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Posted by cwaddell under All, Political Strategy

Christopher Waddell

Now that the federal and Ontario government have agreed to put up $10.5 billion for an 11.7 per cent interest in General Motors, it is worth noting what the US government’s auto industry task force said about GM at the end of March this year. In its report that concluded GM was not viable without major changes, it noted:

  • GM earns a disproportionate share of its profits from high-margin trucks and SUVs and is thus vulnerable to energy cost-driven shifts in consumer demand. For example, of its top 20 profit contributors in 2008, only nine were cars.
  • GM is at least one generation behind Toyota on advanced, “green” powertrain development. In an attempt to leapfrog Toyota, GM has devoted significant resources to the Chevy Volt. While the Volt holds promise, it is currently projected to be much more expensive than its gasoline-fueled peers and will likely need substantial reductions in manufacturing cost in order to become commercially viable.
  • Absent the successful introduction of a number of new-generation nameplates, as described in the Company’s plan, GM’s product portfolio is more vulnerable to CAFE (corporate average fuel economy) standard increases than the portfolios of many of its competitors (although GM is in compliance today with current standards). Many of its products fail to meet the minimum threshold on fuel economy and rank in the bottom quartile of fuel economy achievement.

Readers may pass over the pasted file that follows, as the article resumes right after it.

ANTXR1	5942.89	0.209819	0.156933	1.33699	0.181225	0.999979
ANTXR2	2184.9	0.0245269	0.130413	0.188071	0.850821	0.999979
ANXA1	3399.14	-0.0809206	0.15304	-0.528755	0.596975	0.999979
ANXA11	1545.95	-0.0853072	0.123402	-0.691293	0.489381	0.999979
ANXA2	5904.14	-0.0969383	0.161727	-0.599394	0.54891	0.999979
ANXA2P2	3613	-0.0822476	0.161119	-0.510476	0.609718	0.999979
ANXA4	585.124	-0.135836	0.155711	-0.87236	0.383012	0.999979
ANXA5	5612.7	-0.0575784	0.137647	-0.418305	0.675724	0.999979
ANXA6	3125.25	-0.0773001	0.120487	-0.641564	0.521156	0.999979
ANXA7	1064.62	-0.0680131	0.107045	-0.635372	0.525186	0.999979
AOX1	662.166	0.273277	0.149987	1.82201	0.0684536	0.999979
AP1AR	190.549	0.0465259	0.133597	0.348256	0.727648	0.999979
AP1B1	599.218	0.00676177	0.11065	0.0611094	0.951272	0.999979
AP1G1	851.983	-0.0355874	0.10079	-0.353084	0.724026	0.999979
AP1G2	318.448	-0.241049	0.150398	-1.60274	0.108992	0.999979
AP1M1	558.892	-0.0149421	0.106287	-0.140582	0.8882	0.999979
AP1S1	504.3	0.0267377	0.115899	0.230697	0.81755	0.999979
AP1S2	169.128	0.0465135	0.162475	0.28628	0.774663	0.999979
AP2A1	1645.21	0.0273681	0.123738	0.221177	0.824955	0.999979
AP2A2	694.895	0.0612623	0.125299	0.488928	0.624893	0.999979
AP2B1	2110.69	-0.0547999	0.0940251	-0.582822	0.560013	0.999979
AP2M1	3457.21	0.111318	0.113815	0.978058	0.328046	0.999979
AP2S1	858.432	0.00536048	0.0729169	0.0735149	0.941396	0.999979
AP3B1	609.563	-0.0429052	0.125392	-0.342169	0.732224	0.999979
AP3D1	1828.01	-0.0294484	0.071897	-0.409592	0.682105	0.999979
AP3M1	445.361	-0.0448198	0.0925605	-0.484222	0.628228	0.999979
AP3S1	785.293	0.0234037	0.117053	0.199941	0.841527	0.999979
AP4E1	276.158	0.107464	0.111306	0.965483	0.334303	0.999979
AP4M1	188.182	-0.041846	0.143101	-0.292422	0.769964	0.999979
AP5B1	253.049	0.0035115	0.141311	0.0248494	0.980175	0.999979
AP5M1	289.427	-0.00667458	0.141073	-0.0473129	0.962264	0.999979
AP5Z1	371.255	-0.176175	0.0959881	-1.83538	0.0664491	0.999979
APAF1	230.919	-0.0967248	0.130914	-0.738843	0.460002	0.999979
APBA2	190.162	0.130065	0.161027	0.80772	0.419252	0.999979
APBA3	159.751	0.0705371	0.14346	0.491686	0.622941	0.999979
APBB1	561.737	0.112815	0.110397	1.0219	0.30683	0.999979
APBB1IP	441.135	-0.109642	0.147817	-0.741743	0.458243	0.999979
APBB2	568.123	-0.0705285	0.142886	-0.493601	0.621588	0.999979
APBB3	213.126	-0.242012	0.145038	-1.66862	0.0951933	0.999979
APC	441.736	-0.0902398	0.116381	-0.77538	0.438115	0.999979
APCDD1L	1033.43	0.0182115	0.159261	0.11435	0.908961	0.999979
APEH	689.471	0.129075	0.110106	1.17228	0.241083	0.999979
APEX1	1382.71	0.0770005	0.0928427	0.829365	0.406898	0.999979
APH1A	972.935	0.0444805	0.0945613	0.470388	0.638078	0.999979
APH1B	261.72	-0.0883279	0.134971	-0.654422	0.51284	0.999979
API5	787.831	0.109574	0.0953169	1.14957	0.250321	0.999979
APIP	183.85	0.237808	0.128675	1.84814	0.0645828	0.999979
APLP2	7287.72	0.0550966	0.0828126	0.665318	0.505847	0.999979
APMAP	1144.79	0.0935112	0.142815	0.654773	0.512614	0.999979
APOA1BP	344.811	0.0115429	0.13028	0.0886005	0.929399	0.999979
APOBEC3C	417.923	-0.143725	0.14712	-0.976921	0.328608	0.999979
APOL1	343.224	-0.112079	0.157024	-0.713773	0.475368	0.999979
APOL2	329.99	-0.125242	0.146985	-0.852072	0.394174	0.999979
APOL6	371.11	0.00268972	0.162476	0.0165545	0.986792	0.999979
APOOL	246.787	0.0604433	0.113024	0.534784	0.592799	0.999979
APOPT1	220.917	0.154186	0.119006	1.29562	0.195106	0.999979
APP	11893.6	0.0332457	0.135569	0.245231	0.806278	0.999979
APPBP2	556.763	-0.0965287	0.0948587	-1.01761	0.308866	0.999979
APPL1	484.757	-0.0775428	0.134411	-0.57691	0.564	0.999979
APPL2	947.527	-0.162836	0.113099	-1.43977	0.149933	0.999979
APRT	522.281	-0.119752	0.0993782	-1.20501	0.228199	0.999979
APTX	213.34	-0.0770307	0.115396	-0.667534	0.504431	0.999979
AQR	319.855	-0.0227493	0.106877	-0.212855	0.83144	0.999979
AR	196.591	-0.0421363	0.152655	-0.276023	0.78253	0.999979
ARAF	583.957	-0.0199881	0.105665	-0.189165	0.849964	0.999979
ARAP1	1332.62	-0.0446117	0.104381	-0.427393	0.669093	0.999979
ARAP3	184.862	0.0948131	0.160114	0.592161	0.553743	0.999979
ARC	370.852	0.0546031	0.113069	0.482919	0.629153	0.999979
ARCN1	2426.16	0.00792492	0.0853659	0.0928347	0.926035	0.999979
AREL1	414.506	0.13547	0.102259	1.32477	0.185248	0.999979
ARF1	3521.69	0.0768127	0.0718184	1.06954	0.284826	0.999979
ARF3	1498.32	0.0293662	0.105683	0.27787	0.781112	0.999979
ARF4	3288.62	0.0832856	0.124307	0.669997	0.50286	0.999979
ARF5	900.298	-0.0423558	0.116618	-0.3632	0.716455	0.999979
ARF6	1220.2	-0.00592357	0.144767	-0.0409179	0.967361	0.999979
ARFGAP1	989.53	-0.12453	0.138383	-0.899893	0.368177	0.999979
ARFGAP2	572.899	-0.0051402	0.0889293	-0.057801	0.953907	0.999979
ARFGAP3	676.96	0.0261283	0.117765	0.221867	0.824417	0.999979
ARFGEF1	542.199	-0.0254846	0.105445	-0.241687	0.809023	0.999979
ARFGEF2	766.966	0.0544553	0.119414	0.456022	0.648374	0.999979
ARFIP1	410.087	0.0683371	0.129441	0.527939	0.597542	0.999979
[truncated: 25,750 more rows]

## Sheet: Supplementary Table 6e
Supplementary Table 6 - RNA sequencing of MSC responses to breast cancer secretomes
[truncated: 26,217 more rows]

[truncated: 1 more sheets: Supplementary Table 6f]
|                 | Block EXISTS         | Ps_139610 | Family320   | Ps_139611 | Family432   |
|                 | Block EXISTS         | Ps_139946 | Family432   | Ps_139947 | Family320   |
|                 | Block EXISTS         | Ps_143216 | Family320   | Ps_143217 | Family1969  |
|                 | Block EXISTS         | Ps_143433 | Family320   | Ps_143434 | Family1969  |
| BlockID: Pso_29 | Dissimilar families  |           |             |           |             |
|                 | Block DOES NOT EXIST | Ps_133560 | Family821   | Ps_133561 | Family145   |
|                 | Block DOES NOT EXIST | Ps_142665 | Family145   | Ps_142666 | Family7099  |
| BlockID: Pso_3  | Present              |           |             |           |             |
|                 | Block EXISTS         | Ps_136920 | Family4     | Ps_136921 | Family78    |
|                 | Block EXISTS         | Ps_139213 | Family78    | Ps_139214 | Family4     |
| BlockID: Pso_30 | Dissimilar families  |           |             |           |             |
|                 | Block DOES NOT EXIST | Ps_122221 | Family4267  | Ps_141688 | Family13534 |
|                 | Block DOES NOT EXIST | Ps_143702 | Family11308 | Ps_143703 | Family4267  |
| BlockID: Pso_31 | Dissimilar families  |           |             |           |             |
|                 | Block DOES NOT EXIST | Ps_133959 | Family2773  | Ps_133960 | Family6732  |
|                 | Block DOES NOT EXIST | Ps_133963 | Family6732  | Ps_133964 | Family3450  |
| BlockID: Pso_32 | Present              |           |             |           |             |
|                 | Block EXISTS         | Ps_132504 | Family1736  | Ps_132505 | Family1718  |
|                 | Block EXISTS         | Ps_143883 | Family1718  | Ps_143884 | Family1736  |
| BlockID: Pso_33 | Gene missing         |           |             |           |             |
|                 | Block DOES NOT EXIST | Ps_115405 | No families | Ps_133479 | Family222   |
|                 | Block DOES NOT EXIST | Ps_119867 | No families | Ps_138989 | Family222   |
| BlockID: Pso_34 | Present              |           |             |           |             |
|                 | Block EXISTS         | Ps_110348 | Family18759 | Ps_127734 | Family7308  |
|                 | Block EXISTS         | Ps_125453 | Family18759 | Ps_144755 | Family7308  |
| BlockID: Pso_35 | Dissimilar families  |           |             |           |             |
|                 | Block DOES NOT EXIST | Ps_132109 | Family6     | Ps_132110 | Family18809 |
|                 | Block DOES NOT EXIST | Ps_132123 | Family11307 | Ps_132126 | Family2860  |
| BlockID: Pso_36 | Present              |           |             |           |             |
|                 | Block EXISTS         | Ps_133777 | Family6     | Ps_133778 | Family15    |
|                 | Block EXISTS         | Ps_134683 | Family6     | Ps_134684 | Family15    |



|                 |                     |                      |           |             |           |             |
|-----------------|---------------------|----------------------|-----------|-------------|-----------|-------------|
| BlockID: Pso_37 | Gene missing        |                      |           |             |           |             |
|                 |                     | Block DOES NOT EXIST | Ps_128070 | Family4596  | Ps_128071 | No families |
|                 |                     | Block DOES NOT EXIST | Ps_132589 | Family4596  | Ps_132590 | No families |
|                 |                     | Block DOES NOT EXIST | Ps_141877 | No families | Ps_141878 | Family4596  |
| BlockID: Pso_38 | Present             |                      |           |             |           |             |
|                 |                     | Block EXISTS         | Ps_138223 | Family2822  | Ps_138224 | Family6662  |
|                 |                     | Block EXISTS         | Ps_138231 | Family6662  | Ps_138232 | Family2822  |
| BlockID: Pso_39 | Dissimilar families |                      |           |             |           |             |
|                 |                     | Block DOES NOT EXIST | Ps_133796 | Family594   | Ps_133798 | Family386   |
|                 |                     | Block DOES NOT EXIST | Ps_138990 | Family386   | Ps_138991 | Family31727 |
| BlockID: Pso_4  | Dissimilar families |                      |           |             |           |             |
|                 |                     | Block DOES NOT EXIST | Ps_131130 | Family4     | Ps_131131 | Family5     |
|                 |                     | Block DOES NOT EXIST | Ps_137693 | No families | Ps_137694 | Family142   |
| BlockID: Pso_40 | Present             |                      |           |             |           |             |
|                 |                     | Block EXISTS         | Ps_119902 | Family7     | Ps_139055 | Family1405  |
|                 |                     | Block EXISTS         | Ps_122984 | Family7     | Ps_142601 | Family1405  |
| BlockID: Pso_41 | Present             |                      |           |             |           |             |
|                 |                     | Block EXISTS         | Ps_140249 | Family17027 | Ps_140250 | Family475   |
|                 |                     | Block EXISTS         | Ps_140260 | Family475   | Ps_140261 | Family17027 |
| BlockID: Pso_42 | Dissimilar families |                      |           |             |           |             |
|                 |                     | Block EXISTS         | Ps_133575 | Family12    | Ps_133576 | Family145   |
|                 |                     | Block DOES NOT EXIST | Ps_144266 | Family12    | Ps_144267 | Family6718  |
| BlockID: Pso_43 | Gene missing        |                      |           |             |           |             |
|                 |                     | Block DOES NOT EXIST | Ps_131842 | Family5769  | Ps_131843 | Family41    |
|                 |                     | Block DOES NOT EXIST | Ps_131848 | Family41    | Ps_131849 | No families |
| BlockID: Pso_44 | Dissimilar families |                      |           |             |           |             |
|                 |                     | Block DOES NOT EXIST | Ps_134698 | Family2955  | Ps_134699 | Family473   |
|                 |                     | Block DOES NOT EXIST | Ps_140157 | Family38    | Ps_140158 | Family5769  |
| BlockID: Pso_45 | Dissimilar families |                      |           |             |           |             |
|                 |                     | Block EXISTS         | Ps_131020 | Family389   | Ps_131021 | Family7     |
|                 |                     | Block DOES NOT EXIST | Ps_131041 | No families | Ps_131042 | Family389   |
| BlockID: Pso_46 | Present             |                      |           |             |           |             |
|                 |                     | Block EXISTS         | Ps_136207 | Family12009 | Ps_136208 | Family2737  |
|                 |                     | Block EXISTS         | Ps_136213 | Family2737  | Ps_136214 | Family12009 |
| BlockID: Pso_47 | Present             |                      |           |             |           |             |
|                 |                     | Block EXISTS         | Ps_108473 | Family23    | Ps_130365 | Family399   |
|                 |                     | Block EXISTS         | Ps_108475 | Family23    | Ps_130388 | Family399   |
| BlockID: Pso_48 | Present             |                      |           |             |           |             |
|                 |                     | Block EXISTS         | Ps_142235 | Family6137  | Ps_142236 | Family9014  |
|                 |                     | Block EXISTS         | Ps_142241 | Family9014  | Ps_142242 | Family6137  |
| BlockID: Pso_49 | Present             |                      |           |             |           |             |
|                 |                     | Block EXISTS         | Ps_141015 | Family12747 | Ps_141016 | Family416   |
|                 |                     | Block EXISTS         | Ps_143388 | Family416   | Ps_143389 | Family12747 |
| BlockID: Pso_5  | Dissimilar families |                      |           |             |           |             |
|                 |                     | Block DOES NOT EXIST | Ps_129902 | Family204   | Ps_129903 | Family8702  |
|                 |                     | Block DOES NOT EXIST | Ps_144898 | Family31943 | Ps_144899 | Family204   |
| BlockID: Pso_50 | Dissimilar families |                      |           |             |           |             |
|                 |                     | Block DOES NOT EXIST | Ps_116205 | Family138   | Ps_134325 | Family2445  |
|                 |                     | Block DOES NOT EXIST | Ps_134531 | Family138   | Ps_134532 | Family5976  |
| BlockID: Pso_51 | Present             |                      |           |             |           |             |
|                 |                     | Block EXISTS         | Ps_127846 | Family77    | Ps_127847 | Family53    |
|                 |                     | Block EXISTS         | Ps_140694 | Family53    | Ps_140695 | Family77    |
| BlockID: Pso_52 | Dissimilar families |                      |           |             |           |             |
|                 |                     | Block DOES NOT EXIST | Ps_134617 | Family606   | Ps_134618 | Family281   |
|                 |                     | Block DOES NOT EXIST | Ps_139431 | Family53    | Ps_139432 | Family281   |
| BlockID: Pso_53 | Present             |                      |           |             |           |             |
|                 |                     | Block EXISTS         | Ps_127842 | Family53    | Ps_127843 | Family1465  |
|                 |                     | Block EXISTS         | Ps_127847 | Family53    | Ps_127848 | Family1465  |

In the end this industry is all about products and a financial rescue of GM doesn’t provide any short term solution to that problem, particularly with oil prices edging upwards again.

Media attention in recent months has focused on GM and Chrysler, but the Japanese, Koreans and Chinese are exceptional competitors and are not standing still. They already have significant advantages in terms of products as the U.S. task force has noted.

Three obvious questions emerge from this.

How can Ontario and Ottawa assure the other automakers in Canada (the successful ones – Honda, Toyota and Ford) that government will remain impartial in its programs and decision-making on the auto industry when it has such a major financial stake in promoting the interests of the two weakest competitors to try to keep them alive to avoid the political fallout of giving away $10 billion only to see the recipients fail?

What will the two governments do when GM and/or Chrysler come back for more, as they have done repeatedly throughout the past decade? When will enough be enough and how will the governments make that decision?

How much longer will the Japanese and Koreans stand by silently while the Canadian and Ontario governments put them at a competitive disadvantage?

Christopher Waddell is associate director of the School of Journalism and Communication and Carty Chair in Business and Financial Journalism at Carleton University. He is a former reporter, Ottawa bureau chief, national editor and associate editor of the Globe and Mail and a former CBC-TV parliamentary bureau chief and executive producer-news specials for CBC TV News.